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Darfur Sanctions Deadlock as ICC Considers Prosecutions

Security Council can’t agree on punishment for Sudanese blocking peace process, while ICC examines evidence of Darfur atrocities.
By Fred Bridgland
The United Nations is reportedly split on proposals to punish Sudanese officials and rebel leaders allegedly responsible for impeding peace efforts in Darfur, where International Criminal Court, ICC, chief prosecutor Luis Moreno-Ocampo has launched an investigation into war crimes.

As violence again flared in northern Darfur, the UN Security Council met February 27 to consider sanctions against officials deemed to be a threat to the peace effort or human rights in the area.

Fighting between rebels and government-backed militias in Darfur is believed to have claimed tens of thousands of civilian lives, with more than 2,000 villages and towns in the region said to have been burned to the ground.

US ambassador John Bolton, the current council president, told reporters the 15-member body wanted to “move forward expeditiously on targeted sanctions”.

“The purpose … is to apply pressure … to people who are violating the arms embargo, not contributing to our effort to establish an effective peace process in Darfur and restore the deteriorating security situation there,” he said.

However, conflict arose between members at a closed-door session during which China, Russia and Qatar are believed to have opposed sanctions, while the US, Britain, Denmark and France were in favour. The result: continued deadlock.

Some experts estimate that as many as 400,000 lives have been lost in the Darfur conflict since 2003 with two million Darfurians internally displaced or refugees in neighbouring Chad, after their homes were destroyed by Arab janjaweed militias. The UN says Darfur is currently "the world's worst humanitarian catastrophe".

Fighting between the Sudan Armed Forces and the rebel Sudan Liberation Army raged again last week with villages attacked and burned, markets looted and people displaced, according to the UN Mission in Sudan, UNMIS.

The Security Council decided last March to impose an asset freeze and travel ban on anyone who hinders the peace process or violates human rights.

It asked a special panel headed by Antonio Cassese to come up with sanction recommendations, and last December the Italian judge gave the council a secret list of names of people he said should be punished.

The list, which was subsequently leaked to the press, includes Sudan's interior minister Elzubier Bashir Taha, intelligence chief Salah Abdalla Gosh and three rebel commanders of the Sudan Liberation Army, which has targeted civilians and aid workers during its insurgency against the Khartoum government. It also names five others against whom the panel is considering recommending sanctions, including Sudan’s president Omar Hassan al-Bashir and President Idriss Deby of Chad.

Cassese, a professor of international law from Florence, was responsible for organising the International Criminal Tribunal for Yugoslavia, which is trying former Yugoslav president Slobodan Milosevic.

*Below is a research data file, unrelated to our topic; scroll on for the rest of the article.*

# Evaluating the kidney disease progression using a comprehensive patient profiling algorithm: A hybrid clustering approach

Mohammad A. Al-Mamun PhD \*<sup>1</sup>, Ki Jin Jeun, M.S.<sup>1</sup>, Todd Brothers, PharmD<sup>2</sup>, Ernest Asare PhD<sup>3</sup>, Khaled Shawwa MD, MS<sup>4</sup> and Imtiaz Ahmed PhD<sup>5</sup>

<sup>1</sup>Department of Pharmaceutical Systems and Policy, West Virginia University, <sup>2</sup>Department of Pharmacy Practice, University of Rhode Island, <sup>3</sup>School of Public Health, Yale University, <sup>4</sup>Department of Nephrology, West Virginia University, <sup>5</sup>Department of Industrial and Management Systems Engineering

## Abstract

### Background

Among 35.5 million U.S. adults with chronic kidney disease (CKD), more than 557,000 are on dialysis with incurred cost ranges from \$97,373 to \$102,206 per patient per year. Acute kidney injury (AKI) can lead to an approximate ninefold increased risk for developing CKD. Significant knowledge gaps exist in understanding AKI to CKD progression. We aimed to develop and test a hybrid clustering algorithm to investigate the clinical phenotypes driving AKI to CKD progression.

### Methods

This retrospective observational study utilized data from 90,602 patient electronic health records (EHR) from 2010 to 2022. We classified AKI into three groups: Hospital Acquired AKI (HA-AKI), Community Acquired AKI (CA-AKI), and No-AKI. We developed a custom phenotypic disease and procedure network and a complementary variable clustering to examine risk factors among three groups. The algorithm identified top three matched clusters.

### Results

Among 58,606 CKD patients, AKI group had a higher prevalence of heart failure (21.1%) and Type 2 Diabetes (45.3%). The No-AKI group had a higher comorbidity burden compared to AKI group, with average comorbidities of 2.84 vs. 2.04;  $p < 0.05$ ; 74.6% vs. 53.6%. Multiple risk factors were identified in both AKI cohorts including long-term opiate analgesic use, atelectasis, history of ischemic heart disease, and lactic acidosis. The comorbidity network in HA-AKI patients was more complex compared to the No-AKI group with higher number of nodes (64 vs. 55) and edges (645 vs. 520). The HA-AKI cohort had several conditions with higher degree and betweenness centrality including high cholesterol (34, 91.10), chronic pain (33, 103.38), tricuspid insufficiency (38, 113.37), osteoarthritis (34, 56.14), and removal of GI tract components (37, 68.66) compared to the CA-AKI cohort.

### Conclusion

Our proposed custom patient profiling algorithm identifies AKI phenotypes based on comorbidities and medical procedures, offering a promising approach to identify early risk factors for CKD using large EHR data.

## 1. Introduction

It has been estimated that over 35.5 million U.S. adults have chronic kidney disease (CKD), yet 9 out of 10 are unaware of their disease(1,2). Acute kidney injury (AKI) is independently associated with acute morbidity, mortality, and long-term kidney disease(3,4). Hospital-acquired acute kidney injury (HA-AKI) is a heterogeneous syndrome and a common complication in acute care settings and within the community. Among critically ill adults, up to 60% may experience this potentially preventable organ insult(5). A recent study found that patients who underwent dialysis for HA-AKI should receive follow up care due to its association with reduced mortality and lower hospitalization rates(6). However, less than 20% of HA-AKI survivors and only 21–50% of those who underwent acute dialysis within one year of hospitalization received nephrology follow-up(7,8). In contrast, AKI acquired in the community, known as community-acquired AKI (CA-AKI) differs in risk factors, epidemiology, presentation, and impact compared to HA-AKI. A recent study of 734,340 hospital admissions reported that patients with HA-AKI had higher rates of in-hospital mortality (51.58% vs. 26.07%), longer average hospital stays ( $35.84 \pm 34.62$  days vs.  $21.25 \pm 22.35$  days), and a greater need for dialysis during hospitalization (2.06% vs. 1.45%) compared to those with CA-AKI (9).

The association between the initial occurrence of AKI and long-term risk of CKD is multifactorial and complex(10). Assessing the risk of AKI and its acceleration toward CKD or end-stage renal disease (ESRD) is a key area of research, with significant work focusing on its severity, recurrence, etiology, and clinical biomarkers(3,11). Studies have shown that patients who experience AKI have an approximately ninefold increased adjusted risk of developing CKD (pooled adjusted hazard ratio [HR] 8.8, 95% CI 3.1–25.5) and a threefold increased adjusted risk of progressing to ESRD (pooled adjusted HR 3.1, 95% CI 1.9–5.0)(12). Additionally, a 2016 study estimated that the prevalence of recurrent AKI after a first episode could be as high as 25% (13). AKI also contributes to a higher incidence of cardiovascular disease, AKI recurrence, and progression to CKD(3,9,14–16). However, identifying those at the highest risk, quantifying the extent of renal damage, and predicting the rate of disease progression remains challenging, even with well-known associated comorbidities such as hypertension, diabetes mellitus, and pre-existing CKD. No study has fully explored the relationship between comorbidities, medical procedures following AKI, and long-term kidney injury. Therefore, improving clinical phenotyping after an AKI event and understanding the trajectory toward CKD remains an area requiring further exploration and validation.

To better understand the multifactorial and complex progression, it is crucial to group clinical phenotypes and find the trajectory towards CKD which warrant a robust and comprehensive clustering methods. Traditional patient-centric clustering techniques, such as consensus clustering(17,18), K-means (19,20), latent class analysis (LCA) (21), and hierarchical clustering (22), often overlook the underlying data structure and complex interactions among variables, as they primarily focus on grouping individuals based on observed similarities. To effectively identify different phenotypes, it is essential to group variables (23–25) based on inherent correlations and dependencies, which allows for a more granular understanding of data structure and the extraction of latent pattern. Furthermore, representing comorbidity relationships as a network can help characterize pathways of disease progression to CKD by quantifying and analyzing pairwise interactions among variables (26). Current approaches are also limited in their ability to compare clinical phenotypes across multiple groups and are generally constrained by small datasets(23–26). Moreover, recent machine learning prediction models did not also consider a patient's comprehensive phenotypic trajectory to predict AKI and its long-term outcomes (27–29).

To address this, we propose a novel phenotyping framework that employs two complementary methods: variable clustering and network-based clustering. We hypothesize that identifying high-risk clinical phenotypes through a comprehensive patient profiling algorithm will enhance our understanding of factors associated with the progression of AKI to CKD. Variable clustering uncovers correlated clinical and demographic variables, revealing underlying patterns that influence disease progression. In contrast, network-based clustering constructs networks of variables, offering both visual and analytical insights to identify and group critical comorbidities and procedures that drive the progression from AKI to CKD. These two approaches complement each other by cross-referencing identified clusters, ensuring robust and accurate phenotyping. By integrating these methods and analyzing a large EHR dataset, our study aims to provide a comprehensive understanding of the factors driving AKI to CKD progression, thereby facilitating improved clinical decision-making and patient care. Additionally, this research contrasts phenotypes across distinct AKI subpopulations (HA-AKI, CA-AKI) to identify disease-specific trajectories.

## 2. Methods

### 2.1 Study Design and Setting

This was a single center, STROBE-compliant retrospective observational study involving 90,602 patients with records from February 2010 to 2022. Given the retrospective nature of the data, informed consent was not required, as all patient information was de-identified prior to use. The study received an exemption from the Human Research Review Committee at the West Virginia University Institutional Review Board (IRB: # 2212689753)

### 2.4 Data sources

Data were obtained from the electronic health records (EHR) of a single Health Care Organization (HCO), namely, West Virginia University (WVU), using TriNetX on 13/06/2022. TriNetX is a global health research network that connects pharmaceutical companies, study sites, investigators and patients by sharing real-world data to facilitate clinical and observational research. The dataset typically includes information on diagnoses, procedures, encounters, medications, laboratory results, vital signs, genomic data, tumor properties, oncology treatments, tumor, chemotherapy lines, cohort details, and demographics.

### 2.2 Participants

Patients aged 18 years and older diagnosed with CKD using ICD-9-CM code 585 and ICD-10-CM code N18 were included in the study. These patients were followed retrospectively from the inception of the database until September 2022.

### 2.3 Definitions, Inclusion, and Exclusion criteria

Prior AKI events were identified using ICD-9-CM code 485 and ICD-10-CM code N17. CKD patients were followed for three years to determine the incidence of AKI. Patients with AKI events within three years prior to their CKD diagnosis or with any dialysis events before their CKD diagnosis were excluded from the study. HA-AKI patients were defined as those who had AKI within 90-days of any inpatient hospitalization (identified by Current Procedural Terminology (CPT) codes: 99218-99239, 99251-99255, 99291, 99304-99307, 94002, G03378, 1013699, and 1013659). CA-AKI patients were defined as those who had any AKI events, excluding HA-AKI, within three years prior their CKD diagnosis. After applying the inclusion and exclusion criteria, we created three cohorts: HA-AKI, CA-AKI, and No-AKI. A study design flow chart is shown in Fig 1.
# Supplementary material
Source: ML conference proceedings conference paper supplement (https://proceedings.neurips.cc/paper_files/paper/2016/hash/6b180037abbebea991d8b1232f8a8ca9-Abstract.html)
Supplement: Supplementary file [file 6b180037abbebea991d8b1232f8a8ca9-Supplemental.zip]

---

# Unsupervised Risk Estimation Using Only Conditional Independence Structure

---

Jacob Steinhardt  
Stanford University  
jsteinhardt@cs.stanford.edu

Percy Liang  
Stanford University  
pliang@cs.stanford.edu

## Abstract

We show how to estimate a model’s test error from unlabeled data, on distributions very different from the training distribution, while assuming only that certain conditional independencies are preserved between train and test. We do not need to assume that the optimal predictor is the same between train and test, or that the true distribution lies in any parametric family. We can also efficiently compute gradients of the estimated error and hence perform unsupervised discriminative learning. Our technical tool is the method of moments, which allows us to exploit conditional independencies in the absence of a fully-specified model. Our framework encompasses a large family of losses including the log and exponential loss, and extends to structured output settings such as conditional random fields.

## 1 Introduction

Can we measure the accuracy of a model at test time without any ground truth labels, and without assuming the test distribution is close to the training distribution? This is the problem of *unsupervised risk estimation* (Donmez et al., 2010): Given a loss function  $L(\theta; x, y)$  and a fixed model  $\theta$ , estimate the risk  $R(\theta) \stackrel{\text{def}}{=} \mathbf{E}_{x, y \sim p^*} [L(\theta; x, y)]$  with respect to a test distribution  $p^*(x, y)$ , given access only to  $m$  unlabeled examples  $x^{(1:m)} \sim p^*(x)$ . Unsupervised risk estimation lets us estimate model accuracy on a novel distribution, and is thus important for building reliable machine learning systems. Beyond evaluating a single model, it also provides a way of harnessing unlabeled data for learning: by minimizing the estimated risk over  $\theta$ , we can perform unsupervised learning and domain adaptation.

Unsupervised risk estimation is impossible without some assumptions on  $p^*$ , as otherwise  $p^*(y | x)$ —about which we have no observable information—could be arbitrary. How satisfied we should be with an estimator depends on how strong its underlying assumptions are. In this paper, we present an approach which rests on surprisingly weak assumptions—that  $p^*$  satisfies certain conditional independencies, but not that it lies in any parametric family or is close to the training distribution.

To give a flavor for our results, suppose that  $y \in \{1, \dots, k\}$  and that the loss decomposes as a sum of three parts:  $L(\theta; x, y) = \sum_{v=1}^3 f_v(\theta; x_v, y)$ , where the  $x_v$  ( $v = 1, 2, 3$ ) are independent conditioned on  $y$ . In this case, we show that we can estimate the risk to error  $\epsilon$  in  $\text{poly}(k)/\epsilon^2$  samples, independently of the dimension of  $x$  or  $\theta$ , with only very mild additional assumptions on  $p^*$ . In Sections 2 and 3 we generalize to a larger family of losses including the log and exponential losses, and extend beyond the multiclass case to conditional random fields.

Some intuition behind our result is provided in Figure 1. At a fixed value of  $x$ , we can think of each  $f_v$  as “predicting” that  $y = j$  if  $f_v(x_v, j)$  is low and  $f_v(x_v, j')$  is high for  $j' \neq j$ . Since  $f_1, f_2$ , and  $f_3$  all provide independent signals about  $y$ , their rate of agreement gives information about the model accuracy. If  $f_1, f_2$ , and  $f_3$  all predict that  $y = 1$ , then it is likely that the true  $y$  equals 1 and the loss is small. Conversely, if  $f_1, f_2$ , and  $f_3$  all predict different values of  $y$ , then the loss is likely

He went to Darfur, a region about the size of France, with a 30-member team and is believed to have returned to New York with nine crates of evidence detailing rapes, torture, looting and mass killings, most of which is presumed to have been passed on to the ICC’s Moreno-Ocampo.

It was Cassese who advised UN Secretary General Kofi Annan that the Darfur issue be referred to the ICC.

The Security Council last year called for the ICC to investigate the Darfur crisis, and Annan is believed to have given Moreno-Ocampo a list of 51 people who could be charged with genocide, crimes against humanity and war crimes under the Statute of Rome that brought the court into being in July 2002.

Sudan, although not a signatory to the statute, can be investigated because of the Security Council's referral, one of a handful of legal triggers for an ICC probe.

The ICC’s main work is so far concentrated on Darfur, northern Uganda and the Ituri region of the Congo, but this heavy concentration on one continent has perplexed many Africans. They argue that it would have made public relations sense for such a new and important international court to have cast its net over several continents, including Europe from where it operates.

President al-Bashir has warned that Sudan will not cooperate and has also sworn "before Allah three times" that he will never extradite a Sudanese citizen to any foreign court.

The Darfur case could therefore end up demonstrating the ICC's powerlessness, especially as it has no police officers and must rely on the 100 countries that have signed its charter to make arrests. After nearly four years of operation, none have yet been made nor any prosecutions started in the Dutch capital.

Meanwhile, Moreno-Ocampo and his team, based in the ICC's futuristic, white-facaded, 15-storey headquarters in The Hague - complete with eight holding cells should anyone held responsible for war crimes in Darfur ever be arrested - puzzle how to fulfill their obligation to bring offenders to justice.

While 600 civil servants, most of them lawyers, continue to draw their salaries at ICC headquarters, the militias on horse and camels in faraway Darfur continue to spread death and mayhem. "It is a giant crime scene," wrote the New York Times' Mark Lacey, the most recent foreign correspondent to reach the remote and poorly developed region. "There are assaults and homicides and rapes and larcenies across Darfur, but there is hardly anyone, it seems, seriously trying to solve the crimes."

Fred Bridgland is editor of the IWPR Africa Report based in Johannesburg.